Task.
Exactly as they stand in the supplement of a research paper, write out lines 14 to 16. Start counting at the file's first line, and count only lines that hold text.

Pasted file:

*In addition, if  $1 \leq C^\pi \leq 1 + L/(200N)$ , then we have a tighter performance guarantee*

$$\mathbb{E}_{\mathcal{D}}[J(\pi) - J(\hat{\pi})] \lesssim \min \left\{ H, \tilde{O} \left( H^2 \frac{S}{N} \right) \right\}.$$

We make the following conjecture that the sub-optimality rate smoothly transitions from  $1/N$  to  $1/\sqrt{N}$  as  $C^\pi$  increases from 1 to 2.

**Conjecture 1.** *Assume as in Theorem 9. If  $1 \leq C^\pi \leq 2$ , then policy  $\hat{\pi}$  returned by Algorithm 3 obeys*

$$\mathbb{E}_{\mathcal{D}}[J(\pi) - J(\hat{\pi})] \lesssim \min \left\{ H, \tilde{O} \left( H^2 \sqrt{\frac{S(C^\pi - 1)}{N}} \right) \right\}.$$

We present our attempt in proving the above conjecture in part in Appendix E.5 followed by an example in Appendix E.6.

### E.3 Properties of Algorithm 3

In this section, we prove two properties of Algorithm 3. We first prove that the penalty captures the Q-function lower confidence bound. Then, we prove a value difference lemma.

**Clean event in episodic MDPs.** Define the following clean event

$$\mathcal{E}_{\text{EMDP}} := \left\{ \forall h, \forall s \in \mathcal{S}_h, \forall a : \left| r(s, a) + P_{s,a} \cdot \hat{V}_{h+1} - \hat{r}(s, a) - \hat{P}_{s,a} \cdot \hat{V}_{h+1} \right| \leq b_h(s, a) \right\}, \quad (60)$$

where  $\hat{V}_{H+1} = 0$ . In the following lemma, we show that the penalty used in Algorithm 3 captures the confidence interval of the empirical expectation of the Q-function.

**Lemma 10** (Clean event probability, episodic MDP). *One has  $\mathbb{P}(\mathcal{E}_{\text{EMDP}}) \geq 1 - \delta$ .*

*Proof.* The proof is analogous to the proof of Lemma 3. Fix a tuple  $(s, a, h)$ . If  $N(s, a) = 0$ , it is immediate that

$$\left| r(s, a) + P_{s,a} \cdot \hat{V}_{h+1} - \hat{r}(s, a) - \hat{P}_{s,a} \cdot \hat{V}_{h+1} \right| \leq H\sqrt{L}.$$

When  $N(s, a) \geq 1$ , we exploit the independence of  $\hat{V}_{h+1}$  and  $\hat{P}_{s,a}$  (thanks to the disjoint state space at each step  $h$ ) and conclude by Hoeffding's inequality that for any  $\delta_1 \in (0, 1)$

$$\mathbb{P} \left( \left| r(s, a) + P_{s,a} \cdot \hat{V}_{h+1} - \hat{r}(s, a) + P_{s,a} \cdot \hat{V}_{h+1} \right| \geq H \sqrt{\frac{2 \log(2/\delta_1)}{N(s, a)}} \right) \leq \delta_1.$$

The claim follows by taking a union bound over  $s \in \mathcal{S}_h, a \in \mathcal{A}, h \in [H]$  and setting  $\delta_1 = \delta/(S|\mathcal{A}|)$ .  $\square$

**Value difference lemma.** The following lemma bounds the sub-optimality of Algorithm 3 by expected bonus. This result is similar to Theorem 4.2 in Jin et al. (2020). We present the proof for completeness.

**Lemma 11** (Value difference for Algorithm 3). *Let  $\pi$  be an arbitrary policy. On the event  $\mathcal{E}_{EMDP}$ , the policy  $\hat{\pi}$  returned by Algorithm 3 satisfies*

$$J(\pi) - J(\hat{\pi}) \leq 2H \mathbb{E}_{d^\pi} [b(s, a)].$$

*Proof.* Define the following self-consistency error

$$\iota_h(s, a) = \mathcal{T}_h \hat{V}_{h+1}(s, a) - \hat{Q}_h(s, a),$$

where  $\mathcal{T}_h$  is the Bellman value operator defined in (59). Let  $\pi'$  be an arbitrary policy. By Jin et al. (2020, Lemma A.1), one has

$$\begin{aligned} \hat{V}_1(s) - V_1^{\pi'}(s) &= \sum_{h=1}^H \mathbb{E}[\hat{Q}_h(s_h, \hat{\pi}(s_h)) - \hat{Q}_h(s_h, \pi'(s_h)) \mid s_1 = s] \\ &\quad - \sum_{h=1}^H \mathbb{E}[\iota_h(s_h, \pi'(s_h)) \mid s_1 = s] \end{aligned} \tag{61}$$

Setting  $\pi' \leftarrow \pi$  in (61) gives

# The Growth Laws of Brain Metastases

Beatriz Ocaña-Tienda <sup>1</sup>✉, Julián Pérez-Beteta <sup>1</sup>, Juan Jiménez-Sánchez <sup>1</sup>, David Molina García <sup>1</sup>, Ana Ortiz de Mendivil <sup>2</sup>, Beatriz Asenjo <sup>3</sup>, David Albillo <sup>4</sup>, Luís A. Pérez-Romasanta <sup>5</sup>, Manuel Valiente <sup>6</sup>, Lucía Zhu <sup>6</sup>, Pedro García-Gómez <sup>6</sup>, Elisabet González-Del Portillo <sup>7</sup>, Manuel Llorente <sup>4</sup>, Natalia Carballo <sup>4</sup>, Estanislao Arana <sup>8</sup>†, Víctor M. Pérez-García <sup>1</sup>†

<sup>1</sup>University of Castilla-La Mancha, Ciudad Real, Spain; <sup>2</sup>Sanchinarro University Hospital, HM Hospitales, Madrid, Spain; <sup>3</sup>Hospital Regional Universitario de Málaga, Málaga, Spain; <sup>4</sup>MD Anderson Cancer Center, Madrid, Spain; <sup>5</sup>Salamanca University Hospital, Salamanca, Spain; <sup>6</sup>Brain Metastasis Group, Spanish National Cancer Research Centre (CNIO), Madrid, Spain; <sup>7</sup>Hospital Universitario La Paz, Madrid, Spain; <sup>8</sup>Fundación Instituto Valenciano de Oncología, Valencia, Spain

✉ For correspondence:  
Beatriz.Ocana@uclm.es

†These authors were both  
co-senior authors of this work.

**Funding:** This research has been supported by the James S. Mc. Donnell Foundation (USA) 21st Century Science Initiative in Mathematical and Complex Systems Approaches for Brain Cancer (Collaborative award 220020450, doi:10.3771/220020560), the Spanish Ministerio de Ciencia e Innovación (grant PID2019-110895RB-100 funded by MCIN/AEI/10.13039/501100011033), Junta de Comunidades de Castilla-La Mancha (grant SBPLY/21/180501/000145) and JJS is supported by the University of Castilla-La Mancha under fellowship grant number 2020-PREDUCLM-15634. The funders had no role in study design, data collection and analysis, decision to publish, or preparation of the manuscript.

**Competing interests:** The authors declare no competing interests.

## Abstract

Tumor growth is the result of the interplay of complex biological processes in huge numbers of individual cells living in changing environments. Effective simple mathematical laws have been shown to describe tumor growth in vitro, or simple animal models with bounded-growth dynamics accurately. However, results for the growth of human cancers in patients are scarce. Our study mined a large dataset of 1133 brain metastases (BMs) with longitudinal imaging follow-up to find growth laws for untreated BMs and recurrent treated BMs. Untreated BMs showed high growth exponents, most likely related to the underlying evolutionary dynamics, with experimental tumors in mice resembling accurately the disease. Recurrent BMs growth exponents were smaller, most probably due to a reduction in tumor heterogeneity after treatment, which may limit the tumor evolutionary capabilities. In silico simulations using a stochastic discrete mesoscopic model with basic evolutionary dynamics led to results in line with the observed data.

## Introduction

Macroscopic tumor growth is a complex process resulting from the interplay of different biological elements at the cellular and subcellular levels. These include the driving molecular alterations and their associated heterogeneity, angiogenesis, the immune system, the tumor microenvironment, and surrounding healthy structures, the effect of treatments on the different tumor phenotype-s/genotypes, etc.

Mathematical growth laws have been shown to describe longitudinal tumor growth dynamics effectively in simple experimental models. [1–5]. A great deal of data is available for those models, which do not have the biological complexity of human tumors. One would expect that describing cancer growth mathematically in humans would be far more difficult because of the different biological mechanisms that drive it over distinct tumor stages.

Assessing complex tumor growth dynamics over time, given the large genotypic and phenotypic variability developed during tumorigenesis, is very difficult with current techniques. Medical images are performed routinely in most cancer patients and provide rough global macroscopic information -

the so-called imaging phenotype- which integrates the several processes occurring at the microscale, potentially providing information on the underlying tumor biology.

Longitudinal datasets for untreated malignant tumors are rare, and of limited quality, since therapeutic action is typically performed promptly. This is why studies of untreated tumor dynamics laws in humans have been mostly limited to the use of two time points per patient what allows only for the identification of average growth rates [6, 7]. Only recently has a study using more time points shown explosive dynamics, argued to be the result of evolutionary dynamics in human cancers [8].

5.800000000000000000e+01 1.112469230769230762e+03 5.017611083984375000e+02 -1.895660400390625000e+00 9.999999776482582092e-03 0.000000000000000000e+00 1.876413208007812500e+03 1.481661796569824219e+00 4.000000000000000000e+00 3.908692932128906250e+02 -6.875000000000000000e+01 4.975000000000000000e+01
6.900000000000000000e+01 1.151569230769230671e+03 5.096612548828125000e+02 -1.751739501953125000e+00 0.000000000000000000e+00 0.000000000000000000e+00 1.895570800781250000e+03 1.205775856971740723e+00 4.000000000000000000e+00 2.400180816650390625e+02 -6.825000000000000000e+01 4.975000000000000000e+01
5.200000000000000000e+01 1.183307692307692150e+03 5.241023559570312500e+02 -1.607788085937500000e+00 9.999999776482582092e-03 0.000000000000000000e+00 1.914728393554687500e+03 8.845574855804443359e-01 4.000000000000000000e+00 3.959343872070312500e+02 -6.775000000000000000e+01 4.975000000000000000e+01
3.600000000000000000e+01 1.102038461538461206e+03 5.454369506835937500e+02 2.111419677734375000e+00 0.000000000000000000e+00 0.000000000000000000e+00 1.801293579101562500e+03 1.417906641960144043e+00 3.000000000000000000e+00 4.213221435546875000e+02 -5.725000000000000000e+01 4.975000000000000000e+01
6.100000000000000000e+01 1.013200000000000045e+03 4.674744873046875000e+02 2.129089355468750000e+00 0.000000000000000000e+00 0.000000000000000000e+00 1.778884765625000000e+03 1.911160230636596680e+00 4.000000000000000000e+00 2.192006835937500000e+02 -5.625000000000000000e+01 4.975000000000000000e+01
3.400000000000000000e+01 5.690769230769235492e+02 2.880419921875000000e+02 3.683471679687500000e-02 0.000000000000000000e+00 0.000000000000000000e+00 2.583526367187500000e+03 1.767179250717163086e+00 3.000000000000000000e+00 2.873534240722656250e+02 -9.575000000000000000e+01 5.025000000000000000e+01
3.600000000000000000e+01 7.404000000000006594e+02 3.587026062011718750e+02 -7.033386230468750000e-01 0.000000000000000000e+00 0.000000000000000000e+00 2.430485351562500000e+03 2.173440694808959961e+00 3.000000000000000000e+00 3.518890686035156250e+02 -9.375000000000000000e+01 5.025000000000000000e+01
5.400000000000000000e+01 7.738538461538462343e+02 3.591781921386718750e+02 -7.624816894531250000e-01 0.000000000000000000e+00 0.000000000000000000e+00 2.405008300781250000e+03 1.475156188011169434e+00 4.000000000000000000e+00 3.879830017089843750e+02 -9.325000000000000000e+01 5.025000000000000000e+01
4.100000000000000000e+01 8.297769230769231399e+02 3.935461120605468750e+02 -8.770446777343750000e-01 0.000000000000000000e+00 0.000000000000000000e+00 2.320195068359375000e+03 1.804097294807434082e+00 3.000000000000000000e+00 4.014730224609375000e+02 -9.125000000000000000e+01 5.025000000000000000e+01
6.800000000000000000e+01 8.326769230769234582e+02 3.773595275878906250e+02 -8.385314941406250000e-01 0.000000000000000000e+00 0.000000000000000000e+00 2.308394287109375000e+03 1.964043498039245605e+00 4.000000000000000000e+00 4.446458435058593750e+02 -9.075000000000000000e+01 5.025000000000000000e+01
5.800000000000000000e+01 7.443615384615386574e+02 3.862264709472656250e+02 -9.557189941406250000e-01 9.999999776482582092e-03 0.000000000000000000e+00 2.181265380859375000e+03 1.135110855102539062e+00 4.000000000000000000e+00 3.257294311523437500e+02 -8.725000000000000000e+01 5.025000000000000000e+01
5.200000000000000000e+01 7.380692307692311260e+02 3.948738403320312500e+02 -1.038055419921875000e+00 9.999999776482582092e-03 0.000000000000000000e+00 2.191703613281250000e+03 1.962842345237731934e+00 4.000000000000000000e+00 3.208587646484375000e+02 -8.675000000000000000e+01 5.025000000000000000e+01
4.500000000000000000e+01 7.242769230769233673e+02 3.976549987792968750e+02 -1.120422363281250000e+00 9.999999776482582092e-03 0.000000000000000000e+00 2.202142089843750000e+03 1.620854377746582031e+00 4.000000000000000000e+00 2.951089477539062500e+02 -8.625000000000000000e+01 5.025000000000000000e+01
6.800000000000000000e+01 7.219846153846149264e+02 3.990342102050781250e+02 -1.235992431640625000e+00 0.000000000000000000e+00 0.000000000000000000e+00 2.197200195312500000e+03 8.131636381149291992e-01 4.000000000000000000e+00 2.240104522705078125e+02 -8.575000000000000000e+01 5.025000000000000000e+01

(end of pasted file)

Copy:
$$\left| r(s, a) + P_{s,a} \cdot \hat{V}_{h+1} - \hat{r}(s, a) - \hat{P}_{s,a} \cdot \hat{V}_{h+1} \right| \leq H\sqrt{L}.$$

When  $N(s, a) \geq 1$ , we exploit the independence of  $\hat{V}_{h+1}$  and  $\hat{P}_{s,a}$  (thanks to the disjoint state space at each step  $h$ ) and conclude by Hoeffding's inequality that for any  $\delta_1 \in (0, 1)$

$$\mathbb{P} \left( \left| r(s, a) + P_{s,a} \cdot \hat{V}_{h+1} - \hat{r}(s, a) + P_{s,a} \cdot \hat{V}_{h+1} \right| \geq H \sqrt{\frac{2 \log(2/\delta_1)}{N(s, a)}} \right) \leq \delta_1.$$